If you want to see the full range of expression of which a Swede is capable, just mention Ikea. Annoyance, amusement, pride and resentment flit across Terese Alstin’s face as she forms a response. “It’s a love-hate relationship,” she says finally, laughing.
We’re tucking into an exquisite lunch of chicken and asparagus at the Mat- & Chokladstudion cafe in Malmö. Sweden’s third-largest city is renowned for its independent design scene – with boutiques and design-forward restaurants that are open year round – but right now, just before the third Southern Sweden Design Days (SSDD), there’s an almost audible crackle of creative energy in the air. Terese is strategic manager at the Form/Design Center, the organisation behind the event, which takes place on 25-28 May. More than 60 venues across Malmö will be involved, turning the city into a sprawling design museum. About 85% of participants are one-person companies.
The theme for 2023 is “Dissonance”, appropriate for a festival that appears to pit designer Davids against Ikea’s Goliath. And yet – in the Swedish spirit of inclusivity – Ikea, too, will be part of the festival, hosting a seminar on the role of dissonance in design. “They are a part of Swedish design, but we wouldn’t want them to become an official sponsor,” says Terese. “I feel it’s my responsibility to change the perception of what Swedish design is about.”
Terese and I grab coffee and kanelbullar (cinnamon buns) and go to meet designer Anna Gudmundsdottir for a spot of fika: the twice-daily social coffee breaks built into the fabric of Swedish society. Pastries are mandatory.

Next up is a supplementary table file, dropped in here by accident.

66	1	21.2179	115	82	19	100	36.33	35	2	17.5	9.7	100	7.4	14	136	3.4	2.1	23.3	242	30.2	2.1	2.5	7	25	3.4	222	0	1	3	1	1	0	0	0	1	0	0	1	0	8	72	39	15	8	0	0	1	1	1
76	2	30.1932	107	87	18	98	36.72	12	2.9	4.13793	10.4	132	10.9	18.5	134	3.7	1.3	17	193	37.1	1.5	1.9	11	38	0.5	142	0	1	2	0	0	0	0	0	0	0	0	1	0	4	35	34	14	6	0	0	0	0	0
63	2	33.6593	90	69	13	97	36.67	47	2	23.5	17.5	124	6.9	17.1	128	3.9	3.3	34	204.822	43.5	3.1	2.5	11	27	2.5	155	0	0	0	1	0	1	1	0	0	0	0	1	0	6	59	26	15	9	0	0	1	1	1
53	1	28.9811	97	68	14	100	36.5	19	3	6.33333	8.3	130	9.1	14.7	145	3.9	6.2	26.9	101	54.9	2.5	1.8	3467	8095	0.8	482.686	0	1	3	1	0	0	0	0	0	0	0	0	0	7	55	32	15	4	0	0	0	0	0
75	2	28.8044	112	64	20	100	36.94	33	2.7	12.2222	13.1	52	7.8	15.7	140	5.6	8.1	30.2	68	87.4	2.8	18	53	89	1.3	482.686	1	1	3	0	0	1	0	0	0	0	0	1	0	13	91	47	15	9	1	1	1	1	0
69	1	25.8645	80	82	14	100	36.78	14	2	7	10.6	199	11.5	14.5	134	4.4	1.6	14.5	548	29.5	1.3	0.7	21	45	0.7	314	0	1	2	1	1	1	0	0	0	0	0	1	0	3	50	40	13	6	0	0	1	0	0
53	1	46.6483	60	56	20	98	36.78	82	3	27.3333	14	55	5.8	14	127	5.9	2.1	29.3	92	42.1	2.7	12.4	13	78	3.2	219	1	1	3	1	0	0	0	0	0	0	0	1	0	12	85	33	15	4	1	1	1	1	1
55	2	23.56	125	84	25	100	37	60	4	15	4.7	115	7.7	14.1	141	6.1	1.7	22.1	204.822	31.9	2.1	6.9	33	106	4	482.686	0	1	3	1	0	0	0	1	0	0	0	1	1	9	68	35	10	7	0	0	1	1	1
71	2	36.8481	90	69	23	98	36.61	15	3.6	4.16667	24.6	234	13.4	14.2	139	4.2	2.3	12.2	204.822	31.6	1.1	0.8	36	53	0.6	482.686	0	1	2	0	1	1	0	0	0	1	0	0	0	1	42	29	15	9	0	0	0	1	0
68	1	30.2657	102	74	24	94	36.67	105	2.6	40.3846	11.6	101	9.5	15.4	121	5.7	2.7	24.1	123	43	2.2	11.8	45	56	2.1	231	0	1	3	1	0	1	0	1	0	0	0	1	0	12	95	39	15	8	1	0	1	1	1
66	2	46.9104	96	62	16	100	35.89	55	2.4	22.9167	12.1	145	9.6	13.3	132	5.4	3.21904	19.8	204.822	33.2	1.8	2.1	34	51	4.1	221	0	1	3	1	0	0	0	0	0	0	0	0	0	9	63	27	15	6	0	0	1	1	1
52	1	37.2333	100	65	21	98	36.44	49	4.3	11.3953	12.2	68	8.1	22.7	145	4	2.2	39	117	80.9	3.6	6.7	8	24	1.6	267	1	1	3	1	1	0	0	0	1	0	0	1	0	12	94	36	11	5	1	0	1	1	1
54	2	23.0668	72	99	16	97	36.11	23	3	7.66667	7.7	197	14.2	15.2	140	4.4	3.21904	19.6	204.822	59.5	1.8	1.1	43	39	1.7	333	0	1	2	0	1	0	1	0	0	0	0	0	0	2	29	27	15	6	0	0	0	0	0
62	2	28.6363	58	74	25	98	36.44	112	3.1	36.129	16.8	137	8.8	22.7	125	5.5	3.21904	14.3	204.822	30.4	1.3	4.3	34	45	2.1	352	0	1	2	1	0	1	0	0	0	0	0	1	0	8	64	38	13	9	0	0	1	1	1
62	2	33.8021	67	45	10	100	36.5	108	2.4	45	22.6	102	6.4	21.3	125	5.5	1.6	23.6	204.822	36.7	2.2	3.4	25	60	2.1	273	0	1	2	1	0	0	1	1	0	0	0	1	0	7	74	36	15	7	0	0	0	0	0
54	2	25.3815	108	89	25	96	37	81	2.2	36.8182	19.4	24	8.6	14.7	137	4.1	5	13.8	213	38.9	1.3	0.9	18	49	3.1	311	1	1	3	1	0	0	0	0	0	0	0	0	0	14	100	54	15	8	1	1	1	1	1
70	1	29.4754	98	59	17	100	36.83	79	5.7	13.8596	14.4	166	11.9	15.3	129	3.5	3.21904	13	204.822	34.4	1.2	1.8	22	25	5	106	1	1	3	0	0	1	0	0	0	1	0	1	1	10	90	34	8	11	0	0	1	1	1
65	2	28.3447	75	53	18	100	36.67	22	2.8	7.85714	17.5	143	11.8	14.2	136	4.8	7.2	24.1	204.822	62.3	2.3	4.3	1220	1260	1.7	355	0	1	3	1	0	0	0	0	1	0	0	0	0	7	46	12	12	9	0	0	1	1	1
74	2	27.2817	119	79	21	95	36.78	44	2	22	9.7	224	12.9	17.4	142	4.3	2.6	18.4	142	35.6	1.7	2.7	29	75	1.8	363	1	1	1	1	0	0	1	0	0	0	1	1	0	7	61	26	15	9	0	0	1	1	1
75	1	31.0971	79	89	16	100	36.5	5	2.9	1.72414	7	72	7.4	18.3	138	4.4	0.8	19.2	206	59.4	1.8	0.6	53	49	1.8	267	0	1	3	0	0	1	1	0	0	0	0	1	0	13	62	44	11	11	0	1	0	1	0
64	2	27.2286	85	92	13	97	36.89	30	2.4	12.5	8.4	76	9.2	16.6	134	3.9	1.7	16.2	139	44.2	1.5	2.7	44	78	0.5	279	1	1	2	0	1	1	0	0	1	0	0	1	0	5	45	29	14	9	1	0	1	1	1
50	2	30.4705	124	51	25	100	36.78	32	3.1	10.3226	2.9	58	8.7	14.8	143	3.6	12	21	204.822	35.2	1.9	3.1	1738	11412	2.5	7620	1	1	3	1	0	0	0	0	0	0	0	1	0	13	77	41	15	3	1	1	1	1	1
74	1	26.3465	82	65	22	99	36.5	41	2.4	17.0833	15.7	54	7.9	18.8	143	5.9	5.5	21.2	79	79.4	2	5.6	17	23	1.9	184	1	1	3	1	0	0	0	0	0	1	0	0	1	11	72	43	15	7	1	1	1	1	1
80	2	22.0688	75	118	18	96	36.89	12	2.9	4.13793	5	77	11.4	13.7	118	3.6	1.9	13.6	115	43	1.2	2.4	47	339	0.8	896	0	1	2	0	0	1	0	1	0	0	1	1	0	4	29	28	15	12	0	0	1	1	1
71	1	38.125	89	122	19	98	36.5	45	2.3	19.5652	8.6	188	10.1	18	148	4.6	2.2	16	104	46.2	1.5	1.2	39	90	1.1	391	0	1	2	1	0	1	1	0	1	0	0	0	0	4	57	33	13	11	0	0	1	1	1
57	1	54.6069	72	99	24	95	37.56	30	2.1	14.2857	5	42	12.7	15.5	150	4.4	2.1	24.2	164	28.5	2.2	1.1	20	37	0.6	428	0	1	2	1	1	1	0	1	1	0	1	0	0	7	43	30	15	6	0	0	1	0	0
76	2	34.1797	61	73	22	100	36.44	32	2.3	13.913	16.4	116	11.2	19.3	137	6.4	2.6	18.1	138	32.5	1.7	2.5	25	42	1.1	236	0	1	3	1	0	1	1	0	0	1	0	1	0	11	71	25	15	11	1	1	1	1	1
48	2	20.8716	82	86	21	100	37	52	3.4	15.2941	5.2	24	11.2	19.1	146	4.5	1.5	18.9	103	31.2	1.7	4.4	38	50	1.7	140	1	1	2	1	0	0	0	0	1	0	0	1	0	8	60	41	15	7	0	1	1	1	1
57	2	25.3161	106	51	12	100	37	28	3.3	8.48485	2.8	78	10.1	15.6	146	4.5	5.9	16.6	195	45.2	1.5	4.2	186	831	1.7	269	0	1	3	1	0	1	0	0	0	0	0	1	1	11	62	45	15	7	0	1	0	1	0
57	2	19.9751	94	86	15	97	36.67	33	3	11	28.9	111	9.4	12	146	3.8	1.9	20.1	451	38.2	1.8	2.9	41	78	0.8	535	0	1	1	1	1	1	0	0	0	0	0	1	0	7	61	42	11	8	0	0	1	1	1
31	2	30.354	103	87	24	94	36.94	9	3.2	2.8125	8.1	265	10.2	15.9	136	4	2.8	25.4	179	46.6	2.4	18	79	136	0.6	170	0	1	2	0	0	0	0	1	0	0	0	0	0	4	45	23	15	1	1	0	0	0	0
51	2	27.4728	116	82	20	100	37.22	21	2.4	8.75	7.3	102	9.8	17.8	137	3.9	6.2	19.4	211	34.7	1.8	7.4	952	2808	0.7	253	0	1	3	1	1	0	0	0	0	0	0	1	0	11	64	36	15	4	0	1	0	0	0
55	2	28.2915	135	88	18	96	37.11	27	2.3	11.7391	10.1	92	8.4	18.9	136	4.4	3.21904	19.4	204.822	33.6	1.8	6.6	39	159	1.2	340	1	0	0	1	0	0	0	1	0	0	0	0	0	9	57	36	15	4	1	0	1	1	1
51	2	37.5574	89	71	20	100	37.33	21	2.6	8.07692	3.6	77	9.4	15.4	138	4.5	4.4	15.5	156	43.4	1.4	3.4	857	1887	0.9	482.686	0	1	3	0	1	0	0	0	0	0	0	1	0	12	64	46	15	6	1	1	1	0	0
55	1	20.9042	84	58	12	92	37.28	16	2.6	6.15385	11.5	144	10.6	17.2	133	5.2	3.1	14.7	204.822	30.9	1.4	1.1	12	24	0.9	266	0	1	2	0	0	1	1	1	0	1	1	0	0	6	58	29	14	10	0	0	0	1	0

We step into Anna’s “hoarder’s studio” (her words). Against one wall, old shop display parts and pipes are locked in a complex embrace – pull one out, I think, and the whole lot would tumble. On her desk is a clutter of Carrara marble offcuts, which she tells me would have been ground up and used in asphalt if she hadn’t saved them.
Peer behind the massive brands and you will find the grassroots growing, sprouting multicoloured flowers
Lately, Anna has channelled her hoarding tendencies into founding the Malmö Upcycling Service, which supplies leftover materials to designers. She shows me examples of her recent works: a lamp made from ventilation tubes, a cabinet made from leftover shipbuilding vinyl. I wouldn’t know they were upcycled if Anna hadn’t told me. “It doesn’t have to look like waste,” she says. “It’s not waste – it’s a resource.”
Anna’s designs are available in the Form/Design Center shop – and during SSDD she, along with many others, will be exhibiting at BISe, a quintessentially Scandi restaurant that’s all clean-lined chairs and rippling glassware. At dinner that evening, the interiors are upstaged only by the creative clashes on my plate: pairings such as halibut and passionfruit, rhubarb and cardamom. I brace myself for a Stockholm-style bill, but the three-course meal, as with most things in Malmö, is surprisingly reasonably priced at 600kr (£46), excluding drinks.